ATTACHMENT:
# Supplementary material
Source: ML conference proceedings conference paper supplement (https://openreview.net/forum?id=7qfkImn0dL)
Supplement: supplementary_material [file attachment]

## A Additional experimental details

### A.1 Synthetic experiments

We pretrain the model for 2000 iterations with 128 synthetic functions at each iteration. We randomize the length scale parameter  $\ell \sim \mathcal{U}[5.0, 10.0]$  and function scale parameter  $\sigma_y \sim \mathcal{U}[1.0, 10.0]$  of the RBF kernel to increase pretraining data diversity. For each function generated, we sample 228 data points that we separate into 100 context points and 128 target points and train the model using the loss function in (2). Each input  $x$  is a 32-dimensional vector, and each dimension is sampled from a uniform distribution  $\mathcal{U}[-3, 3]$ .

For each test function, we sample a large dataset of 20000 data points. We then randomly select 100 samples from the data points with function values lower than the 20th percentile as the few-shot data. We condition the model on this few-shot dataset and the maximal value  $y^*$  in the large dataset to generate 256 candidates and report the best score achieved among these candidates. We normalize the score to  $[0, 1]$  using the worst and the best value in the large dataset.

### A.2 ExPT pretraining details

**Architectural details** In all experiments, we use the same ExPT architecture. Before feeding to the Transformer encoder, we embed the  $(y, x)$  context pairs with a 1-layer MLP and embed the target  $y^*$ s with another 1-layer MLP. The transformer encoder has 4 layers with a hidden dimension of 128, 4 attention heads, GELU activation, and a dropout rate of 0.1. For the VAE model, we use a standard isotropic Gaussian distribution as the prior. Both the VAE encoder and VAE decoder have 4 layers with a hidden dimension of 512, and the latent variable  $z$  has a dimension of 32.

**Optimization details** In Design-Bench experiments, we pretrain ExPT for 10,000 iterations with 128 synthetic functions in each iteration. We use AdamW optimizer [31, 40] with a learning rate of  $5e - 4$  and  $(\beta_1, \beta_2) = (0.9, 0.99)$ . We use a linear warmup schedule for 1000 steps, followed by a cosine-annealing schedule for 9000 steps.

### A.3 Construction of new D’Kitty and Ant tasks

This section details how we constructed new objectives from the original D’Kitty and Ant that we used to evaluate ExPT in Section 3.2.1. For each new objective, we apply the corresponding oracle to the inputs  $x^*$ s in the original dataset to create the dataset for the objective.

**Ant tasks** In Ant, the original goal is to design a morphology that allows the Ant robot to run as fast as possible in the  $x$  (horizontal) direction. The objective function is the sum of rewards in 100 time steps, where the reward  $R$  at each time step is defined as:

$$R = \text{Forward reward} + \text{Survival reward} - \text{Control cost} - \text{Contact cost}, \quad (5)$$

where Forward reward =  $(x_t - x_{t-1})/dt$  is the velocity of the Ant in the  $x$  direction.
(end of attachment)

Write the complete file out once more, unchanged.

# Supplementary material
Source: ML conference proceedings conference paper supplement (https://openreview.net/forum?id=7qfkImn0dL)
Supplement: supplementary_material [file attachment]

## A Additional experimental details

### A.1 Synthetic experiments

We pretrain the model for 2000 iterations with 128 synthetic functions at each iteration. We randomize the length scale parameter  $\ell \sim \mathcal{U}[5.0, 10.0]$  and function scale parameter  $\sigma_y \sim \mathcal{U}[1.0, 10.0]$  of the RBF kernel to increase pretraining data diversity. For each function generated, we sample 228 data points that we separate into 100 context points and 128 target points and train the model using the loss function in (2). Each input  $x$  is a 32-dimensional vector, and each dimension is sampled from a uniform distribution  $\mathcal{U}[-3, 3]$ .

For each test function, we sample a large dataset of 20000 data points. We then randomly select 100 samples from the data points with function values lower than the 20th percentile as the few-shot data. We condition the model on this few-shot dataset and the maximal value  $y^*$  in the large dataset to generate 256 candidates and report the best score achieved among these candidates. We normalize the score to  $[0, 1]$  using the worst and the best value in the large dataset.

### A.2 ExPT pretraining details

**Architectural details** In all experiments, we use the same ExPT architecture. Before feeding to the Transformer encoder, we embed the  $(y, x)$  context pairs with a 1-layer MLP and embed the target  $y^*$ s with another 1-layer MLP. The transformer encoder has 4 layers with a hidden dimension of 128, 4 attention heads, GELU activation, and a dropout rate of 0.1. For the VAE model, we use a standard isotropic Gaussian distribution as the prior. Both the VAE encoder and VAE decoder have 4 layers with a hidden dimension of 512, and the latent variable  $z$  has a dimension of 32.

**Optimization details** In Design-Bench experiments, we pretrain ExPT for 10,000 iterations with 128 synthetic functions in each iteration. We use AdamW optimizer [31, 40] with a learning rate of  $5e - 4$  and  $(\beta_1, \beta_2) = (0.9, 0.99)$ . We use a linear warmup schedule for 1000 steps, followed by a cosine-annealing schedule for 9000 steps.

### A.3 Construction of new D’Kitty and Ant tasks

This section details how we constructed new objectives from the original D’Kitty and Ant that we used to evaluate ExPT in Section 3.2.1. For each new objective, we apply the corresponding oracle to the inputs  $x^*$ s in the original dataset to create the dataset for the objective.

**Ant tasks** In Ant, the original goal is to design a morphology that allows the Ant robot to run as fast as possible in the  $x$  (horizontal) direction. The objective function is the sum of rewards in 100 time steps, where the reward  $R$  at each time step is defined as:

$$R = \text{Forward reward} + \text{Survival reward} - \text{Control cost} - \text{Contact cost}, \quad (5)$$

where Forward reward =  $(x_t - x_{t-1})/dt$  is the velocity of the Ant in the  $x$  direction.